Restaurateur of the year: Garrett Harker
This year, Eastern Standard — one of Boston’s essential restaurants — celebrated its 10th anniversary. A second branch of Fort Point’s Row 34 opened, in Portsmouth, N.H.; Kenmore Square’s Island Creek Oyster Bar will soon spawn in Burlington. Branch Line brought rotisserie chicken and more to Watertown. What they all have in common is Harker, who despite this burgeoning empire always keeps the emphasis on training and hospitality. Thanks in large part to him, we can now get a good cocktail and well-prepared local seafood in many corners of the region.
Cuisine of the year: Asian small plates
This year it seemed like you couldn’t take a step without bumping into a cheekily reimagined pork bun, chicken wing, or rice bowl. Banyan Bar + Refuge, Hojoko, Koy, Night Market, and Tiger Mama opened. Strip-T’s introduced an izakaya-themed dinner menu. Clio is closing, making way for an Uni expansion. And there are more to come, like Little Big Diner in Newton. Hope you know how to use chopsticks.
Most promising trend: Rethinking tipping
In October, influential New York-based restaurateur Danny Meyer announced he would eliminate tipping in all 13 restaurants of his Union Square Hospitality Group. Many in the restaurant industry nationwide are exploring similar measures. Locally, Select Oyster Bar opened with a 20 percent gratuity included. Yvonne’s implemented a 3 percent “kitchen appreciation charge” to address disparity in earnings between the front and back of the house. Restaurants like Tasting Counter and Journeyman include the tip in the purchase price of a ticket to dinner. Finding a way to ensure fair and equitable wages for all restaurant workers is, and may always be, a work in progress. We are headed in the right direction.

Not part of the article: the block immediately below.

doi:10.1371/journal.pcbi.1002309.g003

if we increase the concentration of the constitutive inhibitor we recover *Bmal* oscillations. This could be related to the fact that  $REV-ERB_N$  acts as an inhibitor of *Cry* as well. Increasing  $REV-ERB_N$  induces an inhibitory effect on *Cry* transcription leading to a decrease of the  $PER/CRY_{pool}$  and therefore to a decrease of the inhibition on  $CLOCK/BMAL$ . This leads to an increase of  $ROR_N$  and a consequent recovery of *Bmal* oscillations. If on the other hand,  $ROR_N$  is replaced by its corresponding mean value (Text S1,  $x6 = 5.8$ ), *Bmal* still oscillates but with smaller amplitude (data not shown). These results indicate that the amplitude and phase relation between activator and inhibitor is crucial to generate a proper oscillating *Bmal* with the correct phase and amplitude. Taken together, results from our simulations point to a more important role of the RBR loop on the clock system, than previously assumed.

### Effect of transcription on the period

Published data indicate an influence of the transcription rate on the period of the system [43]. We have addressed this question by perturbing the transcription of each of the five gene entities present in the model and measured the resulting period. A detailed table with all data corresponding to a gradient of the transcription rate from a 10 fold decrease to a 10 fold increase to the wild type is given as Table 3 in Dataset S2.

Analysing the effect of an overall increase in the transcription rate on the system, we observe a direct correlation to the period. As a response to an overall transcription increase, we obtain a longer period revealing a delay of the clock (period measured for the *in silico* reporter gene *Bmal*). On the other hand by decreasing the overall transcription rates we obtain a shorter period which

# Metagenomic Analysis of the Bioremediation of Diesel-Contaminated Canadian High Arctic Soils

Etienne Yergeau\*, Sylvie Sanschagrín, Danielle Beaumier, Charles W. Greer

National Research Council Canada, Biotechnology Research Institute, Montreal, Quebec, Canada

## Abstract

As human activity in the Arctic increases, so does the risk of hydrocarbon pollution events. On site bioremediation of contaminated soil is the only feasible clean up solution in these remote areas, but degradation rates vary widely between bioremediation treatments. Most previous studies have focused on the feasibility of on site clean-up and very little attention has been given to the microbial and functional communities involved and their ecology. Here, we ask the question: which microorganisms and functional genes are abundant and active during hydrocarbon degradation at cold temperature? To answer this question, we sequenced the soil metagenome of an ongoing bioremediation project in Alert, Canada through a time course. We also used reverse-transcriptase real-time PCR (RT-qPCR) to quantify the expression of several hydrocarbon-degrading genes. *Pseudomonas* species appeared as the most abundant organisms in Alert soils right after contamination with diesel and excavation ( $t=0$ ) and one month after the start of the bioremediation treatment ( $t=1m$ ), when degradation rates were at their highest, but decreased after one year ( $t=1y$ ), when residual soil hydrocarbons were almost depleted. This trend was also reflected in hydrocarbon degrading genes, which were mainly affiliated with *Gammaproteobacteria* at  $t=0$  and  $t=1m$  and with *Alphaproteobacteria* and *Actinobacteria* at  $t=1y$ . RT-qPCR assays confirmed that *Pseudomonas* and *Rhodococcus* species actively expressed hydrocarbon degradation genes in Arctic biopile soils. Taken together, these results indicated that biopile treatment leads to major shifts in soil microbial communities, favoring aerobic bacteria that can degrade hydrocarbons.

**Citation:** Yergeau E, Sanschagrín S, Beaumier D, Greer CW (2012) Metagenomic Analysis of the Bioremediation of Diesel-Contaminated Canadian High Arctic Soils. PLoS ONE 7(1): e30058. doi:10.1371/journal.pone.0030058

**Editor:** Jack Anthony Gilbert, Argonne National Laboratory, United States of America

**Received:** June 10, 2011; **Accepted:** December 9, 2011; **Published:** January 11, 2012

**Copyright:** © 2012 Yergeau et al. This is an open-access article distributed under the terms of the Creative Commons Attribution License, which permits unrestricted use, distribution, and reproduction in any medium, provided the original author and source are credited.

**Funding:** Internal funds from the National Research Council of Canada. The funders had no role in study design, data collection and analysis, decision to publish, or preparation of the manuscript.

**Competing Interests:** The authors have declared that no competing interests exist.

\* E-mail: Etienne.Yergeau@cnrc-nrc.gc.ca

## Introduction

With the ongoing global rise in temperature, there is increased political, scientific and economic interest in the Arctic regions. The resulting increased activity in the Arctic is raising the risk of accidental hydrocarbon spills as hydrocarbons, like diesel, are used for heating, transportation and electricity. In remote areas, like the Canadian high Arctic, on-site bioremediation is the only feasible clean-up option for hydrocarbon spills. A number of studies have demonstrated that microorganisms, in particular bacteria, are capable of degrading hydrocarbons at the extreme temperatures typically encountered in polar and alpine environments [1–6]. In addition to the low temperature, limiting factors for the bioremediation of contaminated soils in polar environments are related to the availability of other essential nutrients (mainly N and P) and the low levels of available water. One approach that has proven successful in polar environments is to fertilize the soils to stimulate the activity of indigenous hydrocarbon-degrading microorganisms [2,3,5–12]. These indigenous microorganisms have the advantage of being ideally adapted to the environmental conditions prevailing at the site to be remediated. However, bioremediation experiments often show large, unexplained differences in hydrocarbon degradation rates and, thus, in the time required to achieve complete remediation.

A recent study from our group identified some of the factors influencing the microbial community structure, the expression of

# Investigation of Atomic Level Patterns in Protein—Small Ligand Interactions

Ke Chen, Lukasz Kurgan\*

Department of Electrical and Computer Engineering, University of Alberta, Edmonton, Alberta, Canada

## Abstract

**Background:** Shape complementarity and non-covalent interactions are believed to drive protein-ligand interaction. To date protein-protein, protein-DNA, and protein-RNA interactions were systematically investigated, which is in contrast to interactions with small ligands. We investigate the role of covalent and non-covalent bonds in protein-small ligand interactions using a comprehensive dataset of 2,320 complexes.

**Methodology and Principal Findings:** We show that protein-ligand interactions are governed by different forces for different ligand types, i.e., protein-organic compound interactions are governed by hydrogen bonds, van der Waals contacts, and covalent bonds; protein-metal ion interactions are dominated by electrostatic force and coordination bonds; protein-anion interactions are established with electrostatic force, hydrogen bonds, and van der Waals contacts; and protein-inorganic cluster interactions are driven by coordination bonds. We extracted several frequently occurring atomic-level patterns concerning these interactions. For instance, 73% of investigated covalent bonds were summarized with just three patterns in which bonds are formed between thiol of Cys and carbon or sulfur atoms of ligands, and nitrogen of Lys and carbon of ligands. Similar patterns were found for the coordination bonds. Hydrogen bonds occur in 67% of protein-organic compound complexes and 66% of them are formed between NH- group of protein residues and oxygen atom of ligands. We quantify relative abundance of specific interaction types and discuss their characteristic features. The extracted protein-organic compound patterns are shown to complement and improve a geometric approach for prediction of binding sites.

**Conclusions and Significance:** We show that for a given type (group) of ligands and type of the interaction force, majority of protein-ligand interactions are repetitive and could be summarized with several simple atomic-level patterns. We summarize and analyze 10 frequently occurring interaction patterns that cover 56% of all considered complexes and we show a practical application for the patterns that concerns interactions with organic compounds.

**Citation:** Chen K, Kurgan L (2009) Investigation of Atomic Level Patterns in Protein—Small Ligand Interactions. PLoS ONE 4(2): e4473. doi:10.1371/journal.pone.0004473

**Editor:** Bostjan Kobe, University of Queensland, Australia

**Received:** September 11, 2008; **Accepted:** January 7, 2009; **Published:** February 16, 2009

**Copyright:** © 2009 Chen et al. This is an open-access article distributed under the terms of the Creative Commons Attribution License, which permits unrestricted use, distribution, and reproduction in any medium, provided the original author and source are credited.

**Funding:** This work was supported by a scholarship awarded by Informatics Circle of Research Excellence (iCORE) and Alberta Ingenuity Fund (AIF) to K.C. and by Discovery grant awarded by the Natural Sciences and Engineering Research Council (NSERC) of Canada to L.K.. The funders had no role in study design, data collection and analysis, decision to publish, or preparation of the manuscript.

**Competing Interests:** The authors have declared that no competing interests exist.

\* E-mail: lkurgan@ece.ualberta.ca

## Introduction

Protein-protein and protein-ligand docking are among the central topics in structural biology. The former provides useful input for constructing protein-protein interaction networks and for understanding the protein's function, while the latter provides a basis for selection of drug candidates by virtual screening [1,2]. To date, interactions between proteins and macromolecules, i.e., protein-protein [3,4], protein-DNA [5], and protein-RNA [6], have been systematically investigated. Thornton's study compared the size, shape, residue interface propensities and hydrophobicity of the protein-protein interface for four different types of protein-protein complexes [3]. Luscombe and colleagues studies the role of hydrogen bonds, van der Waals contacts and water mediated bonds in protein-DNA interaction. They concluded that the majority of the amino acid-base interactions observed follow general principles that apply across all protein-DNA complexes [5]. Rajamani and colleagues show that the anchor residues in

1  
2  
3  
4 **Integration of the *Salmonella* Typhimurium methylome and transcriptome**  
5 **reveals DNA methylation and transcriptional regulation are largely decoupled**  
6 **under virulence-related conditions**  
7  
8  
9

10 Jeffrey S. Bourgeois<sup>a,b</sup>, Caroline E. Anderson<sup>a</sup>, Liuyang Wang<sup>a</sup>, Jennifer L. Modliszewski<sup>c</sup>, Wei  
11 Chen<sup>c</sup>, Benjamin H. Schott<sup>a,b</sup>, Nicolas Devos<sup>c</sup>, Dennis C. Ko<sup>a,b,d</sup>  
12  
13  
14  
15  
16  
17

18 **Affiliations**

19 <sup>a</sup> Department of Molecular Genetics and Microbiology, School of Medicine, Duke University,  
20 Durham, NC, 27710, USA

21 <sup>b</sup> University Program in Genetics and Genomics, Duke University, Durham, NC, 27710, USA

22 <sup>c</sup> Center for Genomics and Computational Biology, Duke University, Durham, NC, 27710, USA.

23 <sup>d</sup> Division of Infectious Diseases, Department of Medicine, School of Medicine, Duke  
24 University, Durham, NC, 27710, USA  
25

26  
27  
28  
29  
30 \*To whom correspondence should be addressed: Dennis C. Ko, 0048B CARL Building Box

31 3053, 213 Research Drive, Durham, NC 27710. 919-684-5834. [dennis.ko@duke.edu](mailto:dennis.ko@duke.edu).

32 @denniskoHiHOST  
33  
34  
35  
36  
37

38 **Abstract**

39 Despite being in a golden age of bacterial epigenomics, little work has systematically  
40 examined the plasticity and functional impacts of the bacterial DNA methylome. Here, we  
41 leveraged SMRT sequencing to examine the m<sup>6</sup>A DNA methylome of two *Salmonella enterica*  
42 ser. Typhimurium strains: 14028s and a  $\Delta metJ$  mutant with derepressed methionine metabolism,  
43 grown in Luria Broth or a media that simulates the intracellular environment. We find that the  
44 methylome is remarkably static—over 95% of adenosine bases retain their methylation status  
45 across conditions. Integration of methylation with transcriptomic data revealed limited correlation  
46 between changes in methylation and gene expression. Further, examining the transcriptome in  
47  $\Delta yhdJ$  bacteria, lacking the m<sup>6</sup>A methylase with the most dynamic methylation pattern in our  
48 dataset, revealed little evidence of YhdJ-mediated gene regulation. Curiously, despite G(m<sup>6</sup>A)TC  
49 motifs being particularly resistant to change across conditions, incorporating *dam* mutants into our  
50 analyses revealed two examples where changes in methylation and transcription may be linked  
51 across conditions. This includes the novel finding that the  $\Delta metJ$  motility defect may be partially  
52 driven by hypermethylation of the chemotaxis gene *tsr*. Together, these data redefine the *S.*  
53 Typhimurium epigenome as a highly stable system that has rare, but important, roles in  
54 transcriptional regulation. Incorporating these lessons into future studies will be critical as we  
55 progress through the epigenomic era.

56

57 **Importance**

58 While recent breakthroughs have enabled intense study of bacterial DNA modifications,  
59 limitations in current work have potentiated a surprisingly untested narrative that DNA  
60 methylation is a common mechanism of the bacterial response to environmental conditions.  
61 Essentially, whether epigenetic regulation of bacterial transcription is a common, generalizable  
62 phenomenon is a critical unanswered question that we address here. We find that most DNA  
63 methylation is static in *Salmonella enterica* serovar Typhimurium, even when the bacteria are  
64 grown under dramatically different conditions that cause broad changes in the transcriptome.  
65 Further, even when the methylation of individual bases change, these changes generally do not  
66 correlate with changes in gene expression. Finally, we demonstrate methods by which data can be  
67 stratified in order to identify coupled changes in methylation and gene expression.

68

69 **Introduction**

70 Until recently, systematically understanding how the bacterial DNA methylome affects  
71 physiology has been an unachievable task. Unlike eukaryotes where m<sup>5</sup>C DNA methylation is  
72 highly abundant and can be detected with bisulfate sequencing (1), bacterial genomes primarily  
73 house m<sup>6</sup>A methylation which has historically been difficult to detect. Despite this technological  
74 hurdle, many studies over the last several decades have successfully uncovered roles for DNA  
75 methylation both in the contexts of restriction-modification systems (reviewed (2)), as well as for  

Most interesting restaurant: Loyal Nine
History informs the menu. Everything is made by hand. Everything has a back story. And the team, led by chef-owner Marc Sheehan (Brasstacks, Bondir, Menton), is talented and smart. Not everything works, but there are many moments of glory, from wee and delicate bites like a raw scallop with pear and poppy seeds to a generous platter of confit chicken legs for the table. It makes perfect sense that the restaurant is named for a secret group of Bostonians — distillers and braziers and jewelers — who organized protests against the Stamp Act of 1765: a small group of tradesmen in an uprising. 660 Cambridge St., Cambridge, 617-945-2576, www.loyalninecambridge.com
Most welcome arrival: Dudley Cafe
It’s surprising that Dudley Square is still up-and-coming rather than discovered, but that is the case. Residents Solmon and Rokeya Chowdhury, behind the Shanti Indian restaurants in Dorchester and Roslindale and Naga in Central Square, opened this cozy cafe and provided a real hangout for the neighborhood. It’s not some weird, gentrified island of yuppie latte sippers. Everyone is here — artists, politicians, Walgreens workers, BPS brass, young hipsters, and church elders. Along with the arrival of Dudley Dough, a pizza place affiliated with nonprofit Haley House, it is a promising sign for the square. 15 Warren St., Dudley Square, Roxbury, 617-445-1000, www.dudleycafe.com
Biggest transformation: Yvonne’s